• History and Descriptive Background Victor Valley College was established by authority of the voters in 1960 with the first classes offered in 1961. The College is proudly celebrating its 50th year of dedicated service to the region, which will be commemorated throughout 2011 with a variety of events and activities. The College is located 90 miles north of Los Angeles in the High Desert of Southern California and covers a geographic service area of approximately 1,700 square miles. Communities served by the District include Adelanto, Apple Valley, Helendale, Hesperia, Las Flores, Lucerne, Oro Grande, Phelan, Piñon Hills, Victorville, Wrightwood, and other communities in the College’s sphere of influence. In the beginning, the College had one feeder high school and served a population of roughly 70,000 residents. The region was formerly described as semi-rural, but over the last 15 years has been transformed into an industrial/commercial and retail center for a burgeoning population. According to local economists, this unprecedented growth is a result of the region’s proximity to major markets, inexpensive cost of land, affordable housing, access to major transportation arteries, and the relative low cost of living. Changing Emphasis Since 1961, the College has progressed far beyond its humble beginnings to become a major institution of higher learning offering a complex schedule of educational opportunities to meet the changing needs of this growing region. Today the College has 14 + feeder high schools and diploma-granting institutions and serves a population base of nearly 400,000 people. This translates into approximately 14,000 students per semester and an annual FTES of over 10,000. To demonstrate these changing times, the College now offers courses such as solar panel installation, maintenance, and repair; hybrid car maintenance and repair; GPS studies; land restoration; and digital animation to name a few. A wider transformation is taking place at the College because of the passage of the first local bond measure to be approved by the voters since an initial capital bond was passed in the early 60s. In November 2008, the voters approved a bond measure, Measure JJ, dedicated to the elimination of past debt, the upgrade of College infrastructure, the purchase of land for a future campus site on the westside of the Victor Valley, and funding for the construction of an Eastside Public Safety Training Center. This center is now under construction with a completion date scheduled for December 2011 and will serve as a regional training facility for firefighters, paramedics, police, and correctional officers. Additionally, the bond funded a one megawatt solar power generating plant on campus that supplies more than a third of the College’s energy needs. Innovative Partnerships Participation in innovative partnerships has enabled the College to expand programs, offer new training opportunities, and increase revenues that, in part, replace funds lost due to reductions in State appropriations. For example, the College has formed partnerships with local hospitals resulting in an increase in the number of nursing students able to enroll in the College’s program. Internships with one of the local cities have created additional training opportunities for automotive students, and grants received through State and County agencies have expanded workforce development programs that eventuate in immediate employment opportunities for students. The College has also increased outside sources of revenue through lease agreements with local and regional entities. A History of Success For 50 years, thousands of residents from the High Desert and beyond have journeyed to the College and have gone on to achieve remarkable success. From their ranks are civic leaders, business people, service industry personnel, medical providers, first responders, and people of all walks of life who are contributors to the health and welfare of our community. In 2006, the College Foundation commissioned a study with UCLA Anderson School of Management to determine the economic impact the College has on our local economy. This report estimated the annual gross impact to be nearly $900 million.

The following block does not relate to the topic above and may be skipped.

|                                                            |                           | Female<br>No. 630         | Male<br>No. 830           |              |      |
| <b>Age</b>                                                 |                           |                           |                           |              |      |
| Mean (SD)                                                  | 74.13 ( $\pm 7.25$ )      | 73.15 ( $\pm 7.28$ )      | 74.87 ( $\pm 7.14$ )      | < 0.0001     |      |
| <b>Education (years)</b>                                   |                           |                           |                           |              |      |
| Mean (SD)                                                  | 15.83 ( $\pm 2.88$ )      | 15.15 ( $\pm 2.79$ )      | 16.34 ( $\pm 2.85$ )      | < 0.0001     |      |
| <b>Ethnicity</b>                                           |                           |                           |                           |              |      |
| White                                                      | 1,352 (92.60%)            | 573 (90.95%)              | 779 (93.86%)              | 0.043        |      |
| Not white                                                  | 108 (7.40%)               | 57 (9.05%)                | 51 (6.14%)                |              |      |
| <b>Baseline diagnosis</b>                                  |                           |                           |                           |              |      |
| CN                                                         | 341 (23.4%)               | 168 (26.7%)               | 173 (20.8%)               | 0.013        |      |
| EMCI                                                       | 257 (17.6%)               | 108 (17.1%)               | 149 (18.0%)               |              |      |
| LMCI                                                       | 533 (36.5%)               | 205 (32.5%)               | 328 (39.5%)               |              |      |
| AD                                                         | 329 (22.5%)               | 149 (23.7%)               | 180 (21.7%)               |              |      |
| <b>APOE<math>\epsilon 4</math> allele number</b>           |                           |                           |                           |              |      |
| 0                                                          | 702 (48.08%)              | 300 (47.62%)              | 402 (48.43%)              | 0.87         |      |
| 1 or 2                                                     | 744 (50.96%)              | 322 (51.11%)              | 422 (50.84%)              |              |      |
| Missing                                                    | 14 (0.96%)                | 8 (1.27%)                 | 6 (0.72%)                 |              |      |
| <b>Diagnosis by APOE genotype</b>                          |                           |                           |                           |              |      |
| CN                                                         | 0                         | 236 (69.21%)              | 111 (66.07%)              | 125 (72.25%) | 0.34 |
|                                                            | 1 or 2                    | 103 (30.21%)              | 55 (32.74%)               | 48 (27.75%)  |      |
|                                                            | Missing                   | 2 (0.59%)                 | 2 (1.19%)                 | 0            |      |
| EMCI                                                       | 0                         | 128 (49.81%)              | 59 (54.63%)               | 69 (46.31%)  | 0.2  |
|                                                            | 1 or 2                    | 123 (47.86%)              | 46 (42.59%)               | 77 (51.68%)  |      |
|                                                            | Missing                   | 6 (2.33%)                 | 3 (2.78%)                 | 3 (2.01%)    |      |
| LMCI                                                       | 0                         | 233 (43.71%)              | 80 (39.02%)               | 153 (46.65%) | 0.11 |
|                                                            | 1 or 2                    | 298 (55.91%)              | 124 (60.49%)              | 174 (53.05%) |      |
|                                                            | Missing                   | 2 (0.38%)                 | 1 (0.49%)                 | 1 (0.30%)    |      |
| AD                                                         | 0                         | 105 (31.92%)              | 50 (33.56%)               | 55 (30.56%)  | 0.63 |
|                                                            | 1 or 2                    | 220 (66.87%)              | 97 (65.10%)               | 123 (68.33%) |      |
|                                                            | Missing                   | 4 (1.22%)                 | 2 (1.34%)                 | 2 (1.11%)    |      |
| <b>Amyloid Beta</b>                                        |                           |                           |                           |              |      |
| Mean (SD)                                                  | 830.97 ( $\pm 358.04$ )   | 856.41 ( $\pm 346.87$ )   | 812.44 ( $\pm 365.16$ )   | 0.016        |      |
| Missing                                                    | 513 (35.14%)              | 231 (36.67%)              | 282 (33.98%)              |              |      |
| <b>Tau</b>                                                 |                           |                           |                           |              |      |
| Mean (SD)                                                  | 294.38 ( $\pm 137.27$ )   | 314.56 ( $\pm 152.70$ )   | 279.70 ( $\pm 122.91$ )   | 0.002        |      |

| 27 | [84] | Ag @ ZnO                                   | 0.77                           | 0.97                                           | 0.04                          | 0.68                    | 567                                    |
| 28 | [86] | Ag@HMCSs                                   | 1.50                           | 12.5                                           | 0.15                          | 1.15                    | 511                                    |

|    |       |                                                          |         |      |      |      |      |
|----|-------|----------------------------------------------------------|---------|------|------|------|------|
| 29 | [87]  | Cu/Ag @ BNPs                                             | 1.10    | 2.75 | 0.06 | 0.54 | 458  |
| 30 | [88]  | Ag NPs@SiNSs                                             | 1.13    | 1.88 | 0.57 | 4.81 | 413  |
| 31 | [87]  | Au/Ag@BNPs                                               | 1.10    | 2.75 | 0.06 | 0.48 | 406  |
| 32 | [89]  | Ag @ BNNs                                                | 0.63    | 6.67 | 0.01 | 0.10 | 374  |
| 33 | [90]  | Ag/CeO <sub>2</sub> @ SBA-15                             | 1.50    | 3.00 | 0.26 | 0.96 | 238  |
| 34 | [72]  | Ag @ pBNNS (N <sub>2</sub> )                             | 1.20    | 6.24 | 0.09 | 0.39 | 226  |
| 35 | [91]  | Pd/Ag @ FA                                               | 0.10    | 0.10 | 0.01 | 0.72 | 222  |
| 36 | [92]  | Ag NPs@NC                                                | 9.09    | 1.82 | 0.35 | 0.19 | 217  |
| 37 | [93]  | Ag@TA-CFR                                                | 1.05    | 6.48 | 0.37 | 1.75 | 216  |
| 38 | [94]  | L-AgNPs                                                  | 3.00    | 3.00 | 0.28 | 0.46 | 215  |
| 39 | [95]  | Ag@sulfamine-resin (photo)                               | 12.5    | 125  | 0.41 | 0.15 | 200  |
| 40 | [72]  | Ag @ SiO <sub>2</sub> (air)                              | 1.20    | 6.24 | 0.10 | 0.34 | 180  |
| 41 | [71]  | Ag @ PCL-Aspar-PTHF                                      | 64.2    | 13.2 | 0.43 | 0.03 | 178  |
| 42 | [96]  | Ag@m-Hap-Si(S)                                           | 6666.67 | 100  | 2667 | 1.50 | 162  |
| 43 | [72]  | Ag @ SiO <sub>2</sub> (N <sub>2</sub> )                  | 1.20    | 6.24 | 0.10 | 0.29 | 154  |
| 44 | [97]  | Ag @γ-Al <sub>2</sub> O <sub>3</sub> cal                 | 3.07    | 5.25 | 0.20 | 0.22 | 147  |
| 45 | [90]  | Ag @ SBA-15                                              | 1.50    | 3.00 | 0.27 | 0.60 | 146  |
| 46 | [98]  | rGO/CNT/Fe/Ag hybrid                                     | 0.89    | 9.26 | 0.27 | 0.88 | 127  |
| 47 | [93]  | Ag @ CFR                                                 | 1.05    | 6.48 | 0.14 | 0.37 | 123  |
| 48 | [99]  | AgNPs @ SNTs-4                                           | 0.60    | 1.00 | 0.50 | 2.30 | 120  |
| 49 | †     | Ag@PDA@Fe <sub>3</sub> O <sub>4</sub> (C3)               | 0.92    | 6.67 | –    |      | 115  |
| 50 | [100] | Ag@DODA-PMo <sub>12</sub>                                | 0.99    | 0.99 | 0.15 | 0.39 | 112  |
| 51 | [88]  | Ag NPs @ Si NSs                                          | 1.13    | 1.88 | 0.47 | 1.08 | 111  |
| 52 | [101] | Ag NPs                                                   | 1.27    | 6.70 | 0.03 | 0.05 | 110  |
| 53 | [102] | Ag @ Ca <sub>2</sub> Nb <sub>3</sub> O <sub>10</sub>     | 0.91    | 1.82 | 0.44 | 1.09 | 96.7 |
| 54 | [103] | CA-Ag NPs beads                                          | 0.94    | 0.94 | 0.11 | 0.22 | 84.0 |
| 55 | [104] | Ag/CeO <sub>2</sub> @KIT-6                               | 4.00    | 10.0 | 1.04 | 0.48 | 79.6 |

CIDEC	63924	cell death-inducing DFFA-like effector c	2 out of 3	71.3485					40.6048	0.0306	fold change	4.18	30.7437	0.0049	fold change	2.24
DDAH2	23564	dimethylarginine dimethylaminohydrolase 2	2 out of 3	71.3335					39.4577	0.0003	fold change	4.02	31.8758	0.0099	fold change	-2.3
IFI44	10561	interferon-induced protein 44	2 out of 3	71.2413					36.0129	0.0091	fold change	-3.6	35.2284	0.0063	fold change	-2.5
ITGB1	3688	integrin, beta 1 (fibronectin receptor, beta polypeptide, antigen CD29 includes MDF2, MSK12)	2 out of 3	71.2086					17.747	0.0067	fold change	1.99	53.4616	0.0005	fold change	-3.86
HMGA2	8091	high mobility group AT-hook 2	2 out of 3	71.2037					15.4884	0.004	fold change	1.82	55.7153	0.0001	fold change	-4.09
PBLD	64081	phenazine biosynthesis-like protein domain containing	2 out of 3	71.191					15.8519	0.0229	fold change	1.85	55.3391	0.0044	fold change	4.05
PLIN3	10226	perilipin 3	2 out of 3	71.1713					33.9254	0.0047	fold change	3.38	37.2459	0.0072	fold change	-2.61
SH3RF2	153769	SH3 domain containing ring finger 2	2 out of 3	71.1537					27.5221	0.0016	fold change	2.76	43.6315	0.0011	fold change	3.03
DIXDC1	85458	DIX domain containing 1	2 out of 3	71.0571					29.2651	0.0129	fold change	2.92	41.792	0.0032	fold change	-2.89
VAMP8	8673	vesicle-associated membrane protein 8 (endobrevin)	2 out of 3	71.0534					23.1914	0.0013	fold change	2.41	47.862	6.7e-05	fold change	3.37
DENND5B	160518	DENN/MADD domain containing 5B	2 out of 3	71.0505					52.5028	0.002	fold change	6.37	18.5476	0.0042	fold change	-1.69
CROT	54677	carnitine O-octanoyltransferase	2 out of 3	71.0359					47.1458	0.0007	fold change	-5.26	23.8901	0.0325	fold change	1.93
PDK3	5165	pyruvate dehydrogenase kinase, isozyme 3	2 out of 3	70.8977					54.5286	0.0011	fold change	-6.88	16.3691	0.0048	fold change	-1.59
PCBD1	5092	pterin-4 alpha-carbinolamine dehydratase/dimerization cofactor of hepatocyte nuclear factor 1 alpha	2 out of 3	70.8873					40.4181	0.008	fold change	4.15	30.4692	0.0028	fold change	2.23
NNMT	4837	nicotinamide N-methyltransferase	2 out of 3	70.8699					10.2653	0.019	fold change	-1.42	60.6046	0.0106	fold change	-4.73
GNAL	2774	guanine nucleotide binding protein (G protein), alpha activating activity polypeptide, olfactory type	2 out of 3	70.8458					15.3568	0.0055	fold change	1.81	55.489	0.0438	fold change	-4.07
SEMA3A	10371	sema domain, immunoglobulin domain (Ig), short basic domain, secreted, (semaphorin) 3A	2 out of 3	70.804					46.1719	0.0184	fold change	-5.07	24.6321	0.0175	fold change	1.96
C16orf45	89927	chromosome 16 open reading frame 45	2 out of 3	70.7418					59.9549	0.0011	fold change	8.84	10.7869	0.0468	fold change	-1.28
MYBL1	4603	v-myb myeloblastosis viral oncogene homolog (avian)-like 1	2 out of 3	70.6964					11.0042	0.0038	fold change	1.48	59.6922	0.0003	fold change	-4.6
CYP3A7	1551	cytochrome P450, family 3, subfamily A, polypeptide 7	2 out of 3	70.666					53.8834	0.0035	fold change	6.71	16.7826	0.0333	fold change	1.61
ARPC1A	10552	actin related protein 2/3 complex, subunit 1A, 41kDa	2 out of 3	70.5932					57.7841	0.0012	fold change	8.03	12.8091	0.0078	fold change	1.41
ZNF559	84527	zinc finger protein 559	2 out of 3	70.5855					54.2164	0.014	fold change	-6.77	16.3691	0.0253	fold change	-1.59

Nearby Schools

  • College Location Mi. Students
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  • 737 students | 28.50 Mi217 E. Club Center Drive, Ste. A
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  • 19,557 students | 28.60 Mi5885 Haven Ave
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Did You Know?
For San Bernardino County, CA public community colleges, the average tuition is approximately $1,134 per year for in-state students and $5,400 for out-of-state students. Read more about average community college tuition costs across the country.

San Bernardino County, CA community colleges have a diversity scoreThe chance that two students selected at random would be members of a different ethnic group. Scored from 0 to 1, a diversity score closer to 1 indicates a more diverse student body. of 0.62, which is lower than the national average of 0.67. The most diverse community college in San Bernardino County, CA is Barstow Community College. Read more about community college diversity statistics in the USA.